t Forth Art Studio
This is “my Tasmania”, just over one hour drive from home. Painted with a palette knife, using acrylics. A palette knife is great for the clean edges I want on parts of the building (old boat shed). I don’t mix the colours on the palette often, preferring to merge them on the painting when necessary. The sky, I painted with my fingers and for the water, I find the brush gives my preferred finish. Basically, “use whatever tool gives the effect you prefer”, was my advice to my students…. with a caution that they will probably feel more comfortable with a brush, so try not to just use a brush. The palette knife effects are more alive I feel, even in this very traditional work.
SOLD to Gwen in Sydney (thank you for your support Gwen)
The Old Boat Shed, Cradle Mt, Lake Dove, Tasmania, Australia
10″ x 14″. Acrylic (Atelier Interactive) on canvas board. SOLD
I tend to get a bit anxious about things…. even when I don’t know I am…. and my bp goes sky high. But sitting in the studio playing with floating watercolours on paper helps return my body to a less stressed state.
Although one of these works started from a photo reference, hence the view to the volcanic plug ( The Nut,Stanley, NW Tasmania), the other is purely from the imagination. This way of working encourages more play as you are not aiming for it to represent anything in particular…. just enjoying the experience and letting the painting flow out of the brush. I start with the suggestion of a sky then each successive mark is in response to the previous one. Limited palette of 2 or 3 colours so little decision making. They are small works so I can watch the whole image evolve at once and judge timing and water content. (both are for sale at $50AUD each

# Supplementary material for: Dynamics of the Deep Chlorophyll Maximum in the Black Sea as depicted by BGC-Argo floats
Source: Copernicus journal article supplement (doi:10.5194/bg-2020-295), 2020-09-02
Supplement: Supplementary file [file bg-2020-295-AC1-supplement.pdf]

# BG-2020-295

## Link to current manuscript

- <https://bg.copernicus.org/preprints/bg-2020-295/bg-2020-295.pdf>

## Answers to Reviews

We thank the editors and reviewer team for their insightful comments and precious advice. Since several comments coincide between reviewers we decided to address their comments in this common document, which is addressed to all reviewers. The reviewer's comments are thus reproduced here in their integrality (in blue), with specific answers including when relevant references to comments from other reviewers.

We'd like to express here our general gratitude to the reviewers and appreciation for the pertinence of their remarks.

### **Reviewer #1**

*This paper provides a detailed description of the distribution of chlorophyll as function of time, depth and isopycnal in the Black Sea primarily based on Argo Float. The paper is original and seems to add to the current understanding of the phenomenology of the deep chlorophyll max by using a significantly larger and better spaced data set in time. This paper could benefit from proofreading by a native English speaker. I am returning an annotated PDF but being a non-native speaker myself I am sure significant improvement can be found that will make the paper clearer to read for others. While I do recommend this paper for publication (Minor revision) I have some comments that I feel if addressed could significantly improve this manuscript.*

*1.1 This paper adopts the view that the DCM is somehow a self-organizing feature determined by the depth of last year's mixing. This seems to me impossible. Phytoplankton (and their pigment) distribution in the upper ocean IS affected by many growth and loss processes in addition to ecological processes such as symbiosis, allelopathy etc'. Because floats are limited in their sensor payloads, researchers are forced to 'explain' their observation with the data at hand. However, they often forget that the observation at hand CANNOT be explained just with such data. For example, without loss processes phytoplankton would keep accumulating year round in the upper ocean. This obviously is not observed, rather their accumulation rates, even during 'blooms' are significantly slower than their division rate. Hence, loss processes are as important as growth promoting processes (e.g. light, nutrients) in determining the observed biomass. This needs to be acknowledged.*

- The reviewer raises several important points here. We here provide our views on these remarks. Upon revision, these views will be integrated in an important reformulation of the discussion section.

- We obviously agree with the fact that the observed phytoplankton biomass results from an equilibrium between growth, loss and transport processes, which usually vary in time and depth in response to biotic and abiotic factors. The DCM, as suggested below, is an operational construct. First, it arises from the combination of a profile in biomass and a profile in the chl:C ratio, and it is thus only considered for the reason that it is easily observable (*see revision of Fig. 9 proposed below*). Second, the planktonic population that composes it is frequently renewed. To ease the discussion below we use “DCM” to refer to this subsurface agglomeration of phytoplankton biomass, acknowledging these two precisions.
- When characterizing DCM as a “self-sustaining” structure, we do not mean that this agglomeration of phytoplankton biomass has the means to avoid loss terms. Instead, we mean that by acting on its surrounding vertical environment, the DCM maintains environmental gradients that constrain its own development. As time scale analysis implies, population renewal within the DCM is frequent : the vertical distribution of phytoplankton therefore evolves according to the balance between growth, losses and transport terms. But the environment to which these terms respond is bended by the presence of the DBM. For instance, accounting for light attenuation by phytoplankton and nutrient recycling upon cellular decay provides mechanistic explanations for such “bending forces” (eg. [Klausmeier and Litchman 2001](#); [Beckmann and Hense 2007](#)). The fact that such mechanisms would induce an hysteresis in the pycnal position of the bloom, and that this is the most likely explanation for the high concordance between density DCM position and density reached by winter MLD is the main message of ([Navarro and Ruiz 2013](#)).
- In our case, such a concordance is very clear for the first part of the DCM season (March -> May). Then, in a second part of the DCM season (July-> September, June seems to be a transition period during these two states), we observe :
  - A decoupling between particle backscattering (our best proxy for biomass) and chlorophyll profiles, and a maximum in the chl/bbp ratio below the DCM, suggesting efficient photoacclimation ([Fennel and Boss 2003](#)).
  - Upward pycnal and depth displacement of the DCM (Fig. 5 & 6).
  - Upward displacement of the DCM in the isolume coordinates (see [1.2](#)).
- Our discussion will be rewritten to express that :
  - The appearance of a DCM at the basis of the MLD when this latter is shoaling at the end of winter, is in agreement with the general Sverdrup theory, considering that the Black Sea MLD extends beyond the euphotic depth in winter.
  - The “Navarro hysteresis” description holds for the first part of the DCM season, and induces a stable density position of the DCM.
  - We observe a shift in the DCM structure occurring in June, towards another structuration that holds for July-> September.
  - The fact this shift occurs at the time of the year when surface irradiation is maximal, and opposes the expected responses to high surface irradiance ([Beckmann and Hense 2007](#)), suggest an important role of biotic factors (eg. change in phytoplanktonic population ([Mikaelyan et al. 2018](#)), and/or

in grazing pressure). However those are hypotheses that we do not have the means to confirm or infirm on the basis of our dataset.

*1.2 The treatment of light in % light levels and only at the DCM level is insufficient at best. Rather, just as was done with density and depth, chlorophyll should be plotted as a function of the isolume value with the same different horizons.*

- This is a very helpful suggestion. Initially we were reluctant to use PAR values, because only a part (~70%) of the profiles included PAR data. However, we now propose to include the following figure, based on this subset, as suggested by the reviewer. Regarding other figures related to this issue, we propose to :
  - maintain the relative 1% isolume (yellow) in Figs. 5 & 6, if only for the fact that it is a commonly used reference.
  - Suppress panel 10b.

These have both now been SOLD.
Well my “under 20 min a day “watercolours have gone by the way as other things have cropped up. Getting more silk and encaustic pendants done for a couple of galleries has been a high priority and of course classes and a few family things like “mothers’ day” and my sister’s 60th birthday. Today’s class was a repetition of one I took a few weeks ago as a couple of people who were present today had missed it. The topic, simple skies, as for a landscape artist skies are critical and in watercolour they are created so beautifully.
We used an eighth of a sheet Saunders 300gsm rough paper (good for dry brush and for lifting colour if needed). Two blues… cool and warm, a neutral red like brown madder and a yellow (raw sienna is a “safe” yellow).
Dividing the paper into 3 sections using narrow masking tape, the sections are easy to work and view the behaviour of the paint and water across the whole section. Important when learning. 90 % of each work is done with a soft goat hair, one inch hake brush. This encourages broad sweeping strokes and reduces the temptation to push the paint in a controlled manner.